Friday, February 13, 2015

Ballroom Tip: Practice Run-throughs

After babbling about ballroom hair for the last few weeks, I thought I'd share a few tips on improving practice for competitions.  In hindsight, this tip is something that I should have figured out earlier than two years into competing.  Hopefully, you are more aware or have more guidance than I.

If your practices are anything like mine, it is all too easy to spend two to three minutes standing and talking for every minute dancing.  Even if my partner and I are focused on dancing and fixing problems, we are then working on specific figures individually or dancing slowly without music.  We stop and start, change the music, discuss what went wrong, dance another bar or two, repeat.  It is possible to practice for hours each week, greatly improve your technique, and then nearly pass out in a competition where you are suddenly asked to dance continuously for 90-120 seconds, two or three or five times in a row.

One answer is run-throughs, or to dance continuously for 90-120 seconds in practice.  It is best if your run-through resembles the hardest competition you could dance; for me, that would be five consecutive dances for 120 seconds each, because there are a couple competitions I've attended that do indeed leave the music on for that long.  I would recommend doing this in every practice at least the week or two before a competition, but my partner and I find run-throughs a good way to check if we've actually mastered a new element, and so we like to do them more often.  You get to check not only your physical readiness, but also your mental ability to focus to the end of the dance.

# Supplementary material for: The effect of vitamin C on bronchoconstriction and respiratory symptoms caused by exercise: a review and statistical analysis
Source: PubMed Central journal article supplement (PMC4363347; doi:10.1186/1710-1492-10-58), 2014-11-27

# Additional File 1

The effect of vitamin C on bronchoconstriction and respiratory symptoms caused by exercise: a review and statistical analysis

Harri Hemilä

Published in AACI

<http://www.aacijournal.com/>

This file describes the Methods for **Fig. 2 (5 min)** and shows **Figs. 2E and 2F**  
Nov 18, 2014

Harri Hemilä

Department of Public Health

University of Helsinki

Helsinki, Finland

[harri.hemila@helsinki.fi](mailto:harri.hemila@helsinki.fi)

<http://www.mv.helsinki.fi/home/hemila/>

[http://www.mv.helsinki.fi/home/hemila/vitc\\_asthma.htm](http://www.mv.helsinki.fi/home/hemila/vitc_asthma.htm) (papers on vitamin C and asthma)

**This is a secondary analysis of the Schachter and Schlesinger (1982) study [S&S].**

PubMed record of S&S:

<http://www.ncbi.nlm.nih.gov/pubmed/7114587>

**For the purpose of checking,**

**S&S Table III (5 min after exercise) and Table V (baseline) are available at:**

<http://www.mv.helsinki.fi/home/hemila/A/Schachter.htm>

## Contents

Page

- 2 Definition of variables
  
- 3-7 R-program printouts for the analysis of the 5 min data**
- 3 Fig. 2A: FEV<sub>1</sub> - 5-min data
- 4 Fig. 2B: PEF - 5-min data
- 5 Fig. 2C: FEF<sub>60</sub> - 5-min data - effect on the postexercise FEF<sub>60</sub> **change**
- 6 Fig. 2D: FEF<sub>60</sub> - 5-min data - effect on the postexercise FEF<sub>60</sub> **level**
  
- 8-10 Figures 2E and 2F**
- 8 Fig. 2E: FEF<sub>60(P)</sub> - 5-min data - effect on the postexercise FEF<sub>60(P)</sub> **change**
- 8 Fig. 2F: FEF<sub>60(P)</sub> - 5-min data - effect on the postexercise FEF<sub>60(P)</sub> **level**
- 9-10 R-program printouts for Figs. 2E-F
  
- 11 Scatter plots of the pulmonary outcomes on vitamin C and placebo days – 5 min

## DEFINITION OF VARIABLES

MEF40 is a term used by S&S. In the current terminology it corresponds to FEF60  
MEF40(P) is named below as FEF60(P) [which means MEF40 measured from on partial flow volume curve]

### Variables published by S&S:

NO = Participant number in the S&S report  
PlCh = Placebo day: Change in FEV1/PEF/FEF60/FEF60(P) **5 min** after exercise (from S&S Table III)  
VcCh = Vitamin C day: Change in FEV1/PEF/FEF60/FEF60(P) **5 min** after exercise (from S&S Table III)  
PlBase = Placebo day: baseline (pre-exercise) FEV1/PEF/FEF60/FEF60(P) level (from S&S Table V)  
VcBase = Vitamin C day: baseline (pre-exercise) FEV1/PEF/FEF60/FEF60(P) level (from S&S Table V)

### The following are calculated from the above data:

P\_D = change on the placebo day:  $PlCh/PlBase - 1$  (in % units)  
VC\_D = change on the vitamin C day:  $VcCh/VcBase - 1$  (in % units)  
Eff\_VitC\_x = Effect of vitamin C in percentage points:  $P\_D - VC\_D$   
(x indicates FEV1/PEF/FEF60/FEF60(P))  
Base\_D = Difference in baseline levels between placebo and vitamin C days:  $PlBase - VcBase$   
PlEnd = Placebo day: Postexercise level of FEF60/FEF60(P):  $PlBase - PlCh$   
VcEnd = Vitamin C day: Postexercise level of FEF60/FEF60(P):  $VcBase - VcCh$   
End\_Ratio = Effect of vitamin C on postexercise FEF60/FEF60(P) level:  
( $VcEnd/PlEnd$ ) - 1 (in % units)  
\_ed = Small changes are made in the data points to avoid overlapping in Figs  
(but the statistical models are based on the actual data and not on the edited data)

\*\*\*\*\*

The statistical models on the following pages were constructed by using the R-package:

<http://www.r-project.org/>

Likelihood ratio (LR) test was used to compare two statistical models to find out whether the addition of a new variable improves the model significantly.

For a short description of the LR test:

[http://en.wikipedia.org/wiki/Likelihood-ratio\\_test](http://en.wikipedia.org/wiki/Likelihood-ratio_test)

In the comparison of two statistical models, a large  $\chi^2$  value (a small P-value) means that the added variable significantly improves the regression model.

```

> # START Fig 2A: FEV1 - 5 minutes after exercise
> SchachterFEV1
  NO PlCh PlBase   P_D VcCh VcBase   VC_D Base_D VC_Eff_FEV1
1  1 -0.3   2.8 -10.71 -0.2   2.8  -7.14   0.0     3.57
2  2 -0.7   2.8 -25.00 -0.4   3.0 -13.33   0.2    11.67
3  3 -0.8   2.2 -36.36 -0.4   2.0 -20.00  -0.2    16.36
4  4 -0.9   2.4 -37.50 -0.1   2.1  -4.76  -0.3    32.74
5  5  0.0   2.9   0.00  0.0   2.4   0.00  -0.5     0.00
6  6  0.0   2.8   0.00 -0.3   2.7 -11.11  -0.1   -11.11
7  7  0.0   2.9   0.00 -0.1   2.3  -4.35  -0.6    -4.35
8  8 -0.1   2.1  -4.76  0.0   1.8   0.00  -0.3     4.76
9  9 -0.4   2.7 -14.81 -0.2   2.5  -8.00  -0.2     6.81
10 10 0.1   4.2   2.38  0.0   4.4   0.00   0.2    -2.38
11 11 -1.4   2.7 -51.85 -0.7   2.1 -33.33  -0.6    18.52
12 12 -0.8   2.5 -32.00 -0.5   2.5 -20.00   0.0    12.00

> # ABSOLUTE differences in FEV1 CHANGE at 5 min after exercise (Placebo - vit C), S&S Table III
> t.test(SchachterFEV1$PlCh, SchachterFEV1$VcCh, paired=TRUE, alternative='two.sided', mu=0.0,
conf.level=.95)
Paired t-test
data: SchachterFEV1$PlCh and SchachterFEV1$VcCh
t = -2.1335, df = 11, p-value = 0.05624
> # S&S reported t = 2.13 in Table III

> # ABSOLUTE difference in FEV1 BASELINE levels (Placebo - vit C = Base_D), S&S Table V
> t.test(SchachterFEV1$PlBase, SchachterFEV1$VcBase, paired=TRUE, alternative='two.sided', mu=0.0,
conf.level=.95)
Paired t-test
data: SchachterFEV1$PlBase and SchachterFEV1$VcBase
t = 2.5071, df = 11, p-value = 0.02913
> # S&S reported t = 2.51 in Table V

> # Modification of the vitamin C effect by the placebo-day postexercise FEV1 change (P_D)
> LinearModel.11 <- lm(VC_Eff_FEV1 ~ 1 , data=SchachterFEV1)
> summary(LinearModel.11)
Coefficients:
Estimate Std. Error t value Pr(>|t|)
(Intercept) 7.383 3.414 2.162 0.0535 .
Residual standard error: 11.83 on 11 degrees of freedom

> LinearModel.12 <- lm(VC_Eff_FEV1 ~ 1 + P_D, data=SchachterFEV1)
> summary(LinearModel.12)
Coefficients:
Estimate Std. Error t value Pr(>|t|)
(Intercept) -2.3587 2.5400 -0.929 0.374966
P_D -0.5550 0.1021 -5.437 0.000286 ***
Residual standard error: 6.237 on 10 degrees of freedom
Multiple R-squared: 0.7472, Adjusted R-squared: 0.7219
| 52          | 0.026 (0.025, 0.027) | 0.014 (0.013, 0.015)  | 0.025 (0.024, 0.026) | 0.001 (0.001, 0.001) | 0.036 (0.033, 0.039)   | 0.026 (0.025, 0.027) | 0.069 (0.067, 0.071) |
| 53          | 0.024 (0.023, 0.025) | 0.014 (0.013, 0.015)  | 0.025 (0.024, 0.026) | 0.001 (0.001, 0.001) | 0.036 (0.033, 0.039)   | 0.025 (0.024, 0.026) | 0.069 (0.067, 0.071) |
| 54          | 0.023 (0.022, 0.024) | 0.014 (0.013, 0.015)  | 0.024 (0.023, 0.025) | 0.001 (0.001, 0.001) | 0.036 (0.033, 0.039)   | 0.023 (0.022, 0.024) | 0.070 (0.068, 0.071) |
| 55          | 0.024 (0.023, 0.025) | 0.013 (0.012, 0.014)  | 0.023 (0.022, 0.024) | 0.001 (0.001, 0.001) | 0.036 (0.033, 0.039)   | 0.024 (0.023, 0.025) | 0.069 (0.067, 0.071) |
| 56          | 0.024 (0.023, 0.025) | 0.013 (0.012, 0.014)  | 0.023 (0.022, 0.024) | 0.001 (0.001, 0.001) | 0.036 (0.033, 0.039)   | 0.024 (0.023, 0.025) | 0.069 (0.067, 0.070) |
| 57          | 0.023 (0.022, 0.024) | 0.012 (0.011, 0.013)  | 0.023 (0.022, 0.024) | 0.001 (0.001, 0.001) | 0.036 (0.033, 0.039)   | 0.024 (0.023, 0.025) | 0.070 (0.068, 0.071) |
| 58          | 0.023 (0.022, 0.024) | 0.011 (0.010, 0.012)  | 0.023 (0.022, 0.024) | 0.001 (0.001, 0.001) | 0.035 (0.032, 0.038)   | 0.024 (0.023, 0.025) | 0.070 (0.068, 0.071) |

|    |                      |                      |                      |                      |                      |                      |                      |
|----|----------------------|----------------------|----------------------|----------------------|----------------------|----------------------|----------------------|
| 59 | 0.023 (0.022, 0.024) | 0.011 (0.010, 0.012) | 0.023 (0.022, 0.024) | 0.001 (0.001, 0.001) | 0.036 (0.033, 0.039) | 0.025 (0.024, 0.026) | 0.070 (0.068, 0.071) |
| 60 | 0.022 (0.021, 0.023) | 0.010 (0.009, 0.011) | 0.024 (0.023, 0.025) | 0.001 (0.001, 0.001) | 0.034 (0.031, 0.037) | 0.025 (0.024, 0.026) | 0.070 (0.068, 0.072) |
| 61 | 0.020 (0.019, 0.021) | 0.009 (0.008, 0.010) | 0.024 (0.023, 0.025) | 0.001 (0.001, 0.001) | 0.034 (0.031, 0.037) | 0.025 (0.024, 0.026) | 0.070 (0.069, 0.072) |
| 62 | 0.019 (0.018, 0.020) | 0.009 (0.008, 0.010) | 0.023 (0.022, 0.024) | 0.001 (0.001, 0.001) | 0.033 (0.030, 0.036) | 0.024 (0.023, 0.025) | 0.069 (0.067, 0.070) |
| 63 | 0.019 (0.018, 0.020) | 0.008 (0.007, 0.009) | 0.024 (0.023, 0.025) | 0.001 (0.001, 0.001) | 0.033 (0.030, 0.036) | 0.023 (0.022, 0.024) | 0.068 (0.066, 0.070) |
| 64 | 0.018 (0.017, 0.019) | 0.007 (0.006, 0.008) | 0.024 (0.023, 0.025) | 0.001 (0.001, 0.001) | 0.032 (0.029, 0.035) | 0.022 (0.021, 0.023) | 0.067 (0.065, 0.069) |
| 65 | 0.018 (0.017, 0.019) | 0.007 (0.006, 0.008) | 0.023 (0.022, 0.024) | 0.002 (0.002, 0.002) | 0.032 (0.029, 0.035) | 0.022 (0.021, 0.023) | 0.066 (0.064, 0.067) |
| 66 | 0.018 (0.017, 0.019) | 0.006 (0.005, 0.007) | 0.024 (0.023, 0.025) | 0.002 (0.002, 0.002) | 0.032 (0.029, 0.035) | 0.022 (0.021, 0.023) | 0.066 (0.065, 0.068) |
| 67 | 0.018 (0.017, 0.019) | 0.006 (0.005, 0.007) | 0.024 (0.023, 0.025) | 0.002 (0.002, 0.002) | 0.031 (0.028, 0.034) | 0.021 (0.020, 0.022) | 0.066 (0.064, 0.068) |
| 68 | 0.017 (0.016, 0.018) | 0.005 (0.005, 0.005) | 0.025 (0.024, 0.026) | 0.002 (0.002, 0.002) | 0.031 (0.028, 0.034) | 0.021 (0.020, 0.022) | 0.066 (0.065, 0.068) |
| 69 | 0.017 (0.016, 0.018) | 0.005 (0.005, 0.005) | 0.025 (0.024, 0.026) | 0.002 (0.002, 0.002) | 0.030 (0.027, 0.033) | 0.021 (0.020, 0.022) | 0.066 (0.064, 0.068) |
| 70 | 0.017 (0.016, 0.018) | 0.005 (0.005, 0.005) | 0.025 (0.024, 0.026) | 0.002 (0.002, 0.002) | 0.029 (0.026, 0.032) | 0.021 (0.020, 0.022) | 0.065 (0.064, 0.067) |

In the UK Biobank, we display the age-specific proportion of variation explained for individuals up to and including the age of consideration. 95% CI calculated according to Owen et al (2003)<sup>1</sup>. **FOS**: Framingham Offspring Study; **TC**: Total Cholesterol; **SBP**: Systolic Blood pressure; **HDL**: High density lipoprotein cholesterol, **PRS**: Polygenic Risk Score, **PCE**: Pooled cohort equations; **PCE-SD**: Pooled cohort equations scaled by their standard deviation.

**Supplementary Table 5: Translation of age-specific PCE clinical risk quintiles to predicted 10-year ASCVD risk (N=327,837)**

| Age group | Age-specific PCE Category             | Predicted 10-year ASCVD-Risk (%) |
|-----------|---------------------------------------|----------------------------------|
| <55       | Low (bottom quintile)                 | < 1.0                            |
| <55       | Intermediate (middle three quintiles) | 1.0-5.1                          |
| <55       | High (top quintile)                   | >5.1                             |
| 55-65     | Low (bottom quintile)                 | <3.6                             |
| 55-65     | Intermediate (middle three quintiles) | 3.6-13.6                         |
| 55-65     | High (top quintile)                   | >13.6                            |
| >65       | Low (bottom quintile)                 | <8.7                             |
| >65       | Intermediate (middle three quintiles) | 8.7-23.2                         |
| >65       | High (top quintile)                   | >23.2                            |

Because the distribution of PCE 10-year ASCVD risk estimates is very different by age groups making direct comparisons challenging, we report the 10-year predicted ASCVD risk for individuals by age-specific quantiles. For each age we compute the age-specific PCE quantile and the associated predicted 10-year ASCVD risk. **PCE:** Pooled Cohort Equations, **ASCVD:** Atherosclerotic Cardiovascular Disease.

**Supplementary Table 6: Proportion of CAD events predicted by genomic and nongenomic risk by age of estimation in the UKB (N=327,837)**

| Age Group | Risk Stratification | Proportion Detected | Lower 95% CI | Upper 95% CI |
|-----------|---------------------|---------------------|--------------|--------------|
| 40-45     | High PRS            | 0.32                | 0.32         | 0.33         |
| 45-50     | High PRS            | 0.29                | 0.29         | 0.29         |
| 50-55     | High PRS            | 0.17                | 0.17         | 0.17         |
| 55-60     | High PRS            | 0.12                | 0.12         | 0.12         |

I found run-throughs enough physical training for competitions as a syllabus dancer, but I doubt they'd be adequate as my sole exercise for open events.  If you've been dancing run-throughs for a while and still cannot maintain through the dance in competition, it might be time to examine your exercise regime.  Dancing should be fun, and it isn't fun if you're about to collapse in front of a judge.  So, play the game, and exercise.

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